Advertisement

New Recycling Law Opens Door to Firms Seeing Profit in Trash

September 28, 1987|VICTOR F. ZONANA | Times Staff Writer

TRACY, Calif. — Three mountains of discarded bottles glisten in the Central Valley sun as John T. Holzemer, recycling manager of Owens-Illinois' glass container division, takes a final swig from a bottle of Diet Coke.

His thirst quenched, he casually tosses the bottle onto one of the piles, soon to be fed into a 2,700-degree Fahrenheit furnace at Owens-Illinois' 2.8-million-bottle-a-day plant here.

"There goes tomorrow's wine bottle--and hopefully, next year's pickle jar," says Holzemer, as the spent vessel crashes down onto the mound of old and broken containers.

Recycling is suddenly hot in California and not just among such longtime champions as environmentalists. Seventeen years after tie-dyed activists celebrated Earth Day, buttoned-down businessmen like Holzemer are becoming born-again recyclers.

The reason is clear: The California Beverage Container Recycling and Litter Reduction Act has unleashed the profit motive in order to reach the law's goal of recycling 80% of the state's beer and soda containers--be they aluminum, glass or plastic.

Consumers will also be given an incentive to recycle. Beginning Thursday, they will be guaranteed at least one penny for each soft-drink or beer container they turn in.

That penny might not seem like much. But when multiplied by the 12 billion containers sold in California annually, the resulting sum is $120 million. Add to that the scrap value of the used containers--perhaps another $100 million--and you have the makings of a good-sized industry.

"The law provides an economic climate for recyclers to survive," says Rod Miller, legislative coordinator for Californians Against Waste. "It creates the infrastructure for a greatly expanded recycling industry."

A key part of that infrastructure will be the more than 2,000 state-certified recycling centers that must be opened between between Oct. 1 and Jan. 1, 1988. By law, the centers must be located within half a mile of all major supermarkets. As a practical matter, most will be in shopping center parking lots.

The penny-per-container payment to consumers will come from a state-administered fund that is being nourished by the one-cent-per-container levy that beer and soft-drink distributors have been paying since Sept. 1.

Besides the state fund's penny-a-container payment, recycling centers will have the option of paying consumers some of the scrap value of their used containers. That is about another penny per container for aluminum and less for glass and plastic.

Redeem and Make Money

California's supermarket operators support the new law because compliance is relatively simple. All they have to do to comply is to contract with a recycling center operator. In states with traditional deposit laws, grocers must hire workers and set aside space to take in, sort and store used containers.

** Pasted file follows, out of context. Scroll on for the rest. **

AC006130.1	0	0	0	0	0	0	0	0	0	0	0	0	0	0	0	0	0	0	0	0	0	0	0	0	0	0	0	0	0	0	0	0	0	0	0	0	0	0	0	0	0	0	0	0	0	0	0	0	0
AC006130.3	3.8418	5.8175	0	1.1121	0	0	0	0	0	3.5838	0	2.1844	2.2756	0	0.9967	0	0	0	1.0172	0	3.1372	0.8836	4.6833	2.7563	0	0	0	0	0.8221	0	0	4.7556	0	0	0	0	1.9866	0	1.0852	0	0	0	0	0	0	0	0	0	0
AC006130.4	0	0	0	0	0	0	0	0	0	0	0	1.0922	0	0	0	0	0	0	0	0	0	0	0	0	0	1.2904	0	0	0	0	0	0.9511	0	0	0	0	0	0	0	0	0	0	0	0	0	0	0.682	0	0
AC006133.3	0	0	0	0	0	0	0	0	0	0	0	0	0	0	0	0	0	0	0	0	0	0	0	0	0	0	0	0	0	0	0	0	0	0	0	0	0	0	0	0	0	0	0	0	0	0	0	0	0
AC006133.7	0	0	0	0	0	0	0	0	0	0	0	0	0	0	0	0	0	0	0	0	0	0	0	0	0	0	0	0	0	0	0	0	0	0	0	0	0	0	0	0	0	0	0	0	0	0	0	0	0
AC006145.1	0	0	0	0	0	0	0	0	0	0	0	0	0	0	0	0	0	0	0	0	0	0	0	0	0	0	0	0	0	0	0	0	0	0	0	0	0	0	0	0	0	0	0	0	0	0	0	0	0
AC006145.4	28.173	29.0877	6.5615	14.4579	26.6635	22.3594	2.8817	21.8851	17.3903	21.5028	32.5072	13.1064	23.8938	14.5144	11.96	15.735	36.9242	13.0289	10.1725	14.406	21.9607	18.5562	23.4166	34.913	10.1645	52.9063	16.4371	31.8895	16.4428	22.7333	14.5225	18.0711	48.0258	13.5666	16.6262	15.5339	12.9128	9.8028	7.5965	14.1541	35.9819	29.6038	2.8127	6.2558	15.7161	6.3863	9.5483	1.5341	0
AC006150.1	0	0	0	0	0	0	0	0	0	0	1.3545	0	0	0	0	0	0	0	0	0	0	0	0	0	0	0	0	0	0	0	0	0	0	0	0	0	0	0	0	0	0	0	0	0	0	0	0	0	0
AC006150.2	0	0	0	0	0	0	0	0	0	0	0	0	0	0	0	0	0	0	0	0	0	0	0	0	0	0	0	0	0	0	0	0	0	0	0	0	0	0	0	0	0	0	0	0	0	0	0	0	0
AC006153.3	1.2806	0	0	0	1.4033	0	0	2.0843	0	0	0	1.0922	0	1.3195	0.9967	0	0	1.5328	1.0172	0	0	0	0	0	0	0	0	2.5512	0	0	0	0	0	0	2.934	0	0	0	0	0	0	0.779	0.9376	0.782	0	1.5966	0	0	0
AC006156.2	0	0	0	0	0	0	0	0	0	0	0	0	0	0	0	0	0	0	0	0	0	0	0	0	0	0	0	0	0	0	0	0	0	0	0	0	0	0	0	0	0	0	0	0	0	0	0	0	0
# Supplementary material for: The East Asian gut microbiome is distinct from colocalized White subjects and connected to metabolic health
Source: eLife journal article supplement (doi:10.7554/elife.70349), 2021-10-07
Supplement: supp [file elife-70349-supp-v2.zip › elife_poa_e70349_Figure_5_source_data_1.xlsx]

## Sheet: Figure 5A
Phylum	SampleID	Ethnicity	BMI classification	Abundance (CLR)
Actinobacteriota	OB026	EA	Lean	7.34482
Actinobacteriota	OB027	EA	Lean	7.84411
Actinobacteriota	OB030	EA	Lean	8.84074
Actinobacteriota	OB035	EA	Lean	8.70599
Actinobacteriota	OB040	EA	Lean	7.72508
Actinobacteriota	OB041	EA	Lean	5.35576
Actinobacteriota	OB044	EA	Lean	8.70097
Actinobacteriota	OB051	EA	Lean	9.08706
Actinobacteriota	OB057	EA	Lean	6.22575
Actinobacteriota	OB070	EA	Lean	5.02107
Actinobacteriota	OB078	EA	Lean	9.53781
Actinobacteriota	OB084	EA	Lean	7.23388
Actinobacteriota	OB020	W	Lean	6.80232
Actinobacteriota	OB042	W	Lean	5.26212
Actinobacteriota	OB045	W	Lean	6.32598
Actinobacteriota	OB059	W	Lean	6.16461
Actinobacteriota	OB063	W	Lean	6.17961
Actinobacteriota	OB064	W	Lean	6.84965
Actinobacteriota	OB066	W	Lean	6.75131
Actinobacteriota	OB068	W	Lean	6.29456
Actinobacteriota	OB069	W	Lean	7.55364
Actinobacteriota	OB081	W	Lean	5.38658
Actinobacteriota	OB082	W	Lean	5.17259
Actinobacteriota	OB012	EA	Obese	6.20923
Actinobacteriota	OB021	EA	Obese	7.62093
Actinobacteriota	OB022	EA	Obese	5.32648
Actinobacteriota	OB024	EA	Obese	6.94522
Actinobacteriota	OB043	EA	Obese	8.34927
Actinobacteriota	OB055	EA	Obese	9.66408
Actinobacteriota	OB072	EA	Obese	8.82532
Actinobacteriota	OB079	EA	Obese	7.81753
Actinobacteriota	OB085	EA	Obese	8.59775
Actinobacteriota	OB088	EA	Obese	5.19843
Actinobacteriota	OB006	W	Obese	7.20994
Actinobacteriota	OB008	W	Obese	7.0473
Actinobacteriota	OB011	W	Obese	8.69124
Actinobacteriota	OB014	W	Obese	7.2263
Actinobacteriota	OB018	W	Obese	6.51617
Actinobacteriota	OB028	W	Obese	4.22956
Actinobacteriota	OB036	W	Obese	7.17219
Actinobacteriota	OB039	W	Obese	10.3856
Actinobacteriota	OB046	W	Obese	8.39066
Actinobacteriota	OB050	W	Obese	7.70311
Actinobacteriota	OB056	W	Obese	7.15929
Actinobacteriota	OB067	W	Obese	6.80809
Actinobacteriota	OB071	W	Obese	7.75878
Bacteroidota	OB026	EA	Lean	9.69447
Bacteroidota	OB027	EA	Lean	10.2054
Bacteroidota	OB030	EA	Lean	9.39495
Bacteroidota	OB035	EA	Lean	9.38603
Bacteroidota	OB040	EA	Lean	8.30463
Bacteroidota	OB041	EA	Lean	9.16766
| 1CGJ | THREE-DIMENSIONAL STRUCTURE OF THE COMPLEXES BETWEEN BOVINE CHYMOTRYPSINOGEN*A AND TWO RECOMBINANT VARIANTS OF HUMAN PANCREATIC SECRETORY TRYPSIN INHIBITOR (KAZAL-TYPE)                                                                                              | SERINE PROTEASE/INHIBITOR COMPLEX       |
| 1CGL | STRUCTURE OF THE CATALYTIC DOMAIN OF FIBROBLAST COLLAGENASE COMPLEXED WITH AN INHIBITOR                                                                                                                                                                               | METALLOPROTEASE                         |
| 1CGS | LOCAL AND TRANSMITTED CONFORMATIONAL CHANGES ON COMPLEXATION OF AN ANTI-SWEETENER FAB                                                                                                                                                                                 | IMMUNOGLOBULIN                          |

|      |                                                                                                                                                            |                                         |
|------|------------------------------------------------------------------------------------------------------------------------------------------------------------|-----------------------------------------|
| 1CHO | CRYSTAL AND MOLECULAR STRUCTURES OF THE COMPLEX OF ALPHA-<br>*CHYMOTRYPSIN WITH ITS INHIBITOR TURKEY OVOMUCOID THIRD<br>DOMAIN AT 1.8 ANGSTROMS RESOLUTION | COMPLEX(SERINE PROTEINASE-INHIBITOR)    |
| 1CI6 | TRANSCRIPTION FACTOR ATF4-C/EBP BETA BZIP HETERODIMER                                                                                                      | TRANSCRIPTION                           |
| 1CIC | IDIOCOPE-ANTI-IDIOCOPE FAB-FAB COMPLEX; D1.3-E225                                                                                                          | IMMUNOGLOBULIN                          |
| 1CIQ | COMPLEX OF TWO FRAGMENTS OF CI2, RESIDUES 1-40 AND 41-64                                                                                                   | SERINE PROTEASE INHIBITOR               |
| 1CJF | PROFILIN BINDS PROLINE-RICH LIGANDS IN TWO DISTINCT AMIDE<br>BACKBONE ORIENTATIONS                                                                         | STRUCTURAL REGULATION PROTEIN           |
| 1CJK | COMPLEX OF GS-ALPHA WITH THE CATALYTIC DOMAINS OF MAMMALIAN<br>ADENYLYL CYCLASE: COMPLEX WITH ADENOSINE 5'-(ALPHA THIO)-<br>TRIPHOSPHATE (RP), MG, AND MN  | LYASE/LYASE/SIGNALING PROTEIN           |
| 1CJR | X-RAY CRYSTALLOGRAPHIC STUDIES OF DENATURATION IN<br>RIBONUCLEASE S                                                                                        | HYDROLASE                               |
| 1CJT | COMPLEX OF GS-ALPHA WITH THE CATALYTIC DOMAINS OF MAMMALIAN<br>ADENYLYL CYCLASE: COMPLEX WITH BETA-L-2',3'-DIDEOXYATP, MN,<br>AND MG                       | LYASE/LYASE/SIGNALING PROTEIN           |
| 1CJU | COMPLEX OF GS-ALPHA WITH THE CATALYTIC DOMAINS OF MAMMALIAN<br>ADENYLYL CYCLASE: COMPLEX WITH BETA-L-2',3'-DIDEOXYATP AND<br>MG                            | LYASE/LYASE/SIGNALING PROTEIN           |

"The supermarket's job is to sell groceries," says David F. Little, vice president of 20/20 Recycle Centers, a newly established company that has won contracts with Safeway, Albertson's, Lucky Stores, Stater Brothers and Hughes Markets. "Our job is to redeem containers and to make money doing so."

Based in Irvine, 20/20--a unit of a Canadian firm called Agra Industries--is the early leader among companies seeking to establish state-certified recycling centers. As of Aug. 31, according to the state Department of Conservation's Division of Recycling, 20/20 had won contracts or letters of intent to set up 819 collection centers, and Little says the company expects to eventually operate 1,100.

Next in line comes Envipco California, a Hayward-based unit of Environmental Products Co. of Fairfax, Va. Envipco had contracts for 433 locations on Aug. 31 and expects to operate a total of 600.

Mobile Recycling in Pomona had 376 contracts as of Aug. 31 and will handle the recycling requirements of Alpha Beta stores, state records indicate, while Innovative Recovery of Aurora, Colo., had agreements for 150 locations.

Different recyclers are taking different approaches to the business. The 20/20 Recycle Centers will feature four "igloos," or bell-shaped containers, one each for aluminum, glass, plastic and newspaper. (Although newspaper isn't covered by the new law, the company sees potential profit in newspaper recycling.) All together, Agra is investing more than $11 million in the new venture.

The containers are designed for easy emptying by boom-equipped trucks. The 20/20 centers will occupy about 300 square feet and be staffed by workers who will issue scrip redeemable for cash or products from local supermarkets.

"The resource recovery industry is still in its embryonic stages," says Little, who predicts annual revenue for 20/20 of $40 million. The firm's name comes from Assembly Bill 2020, the Legislature's designation of the new law.

Methods Differ

Advertisement
Los Angeles Times Articles
|
|
|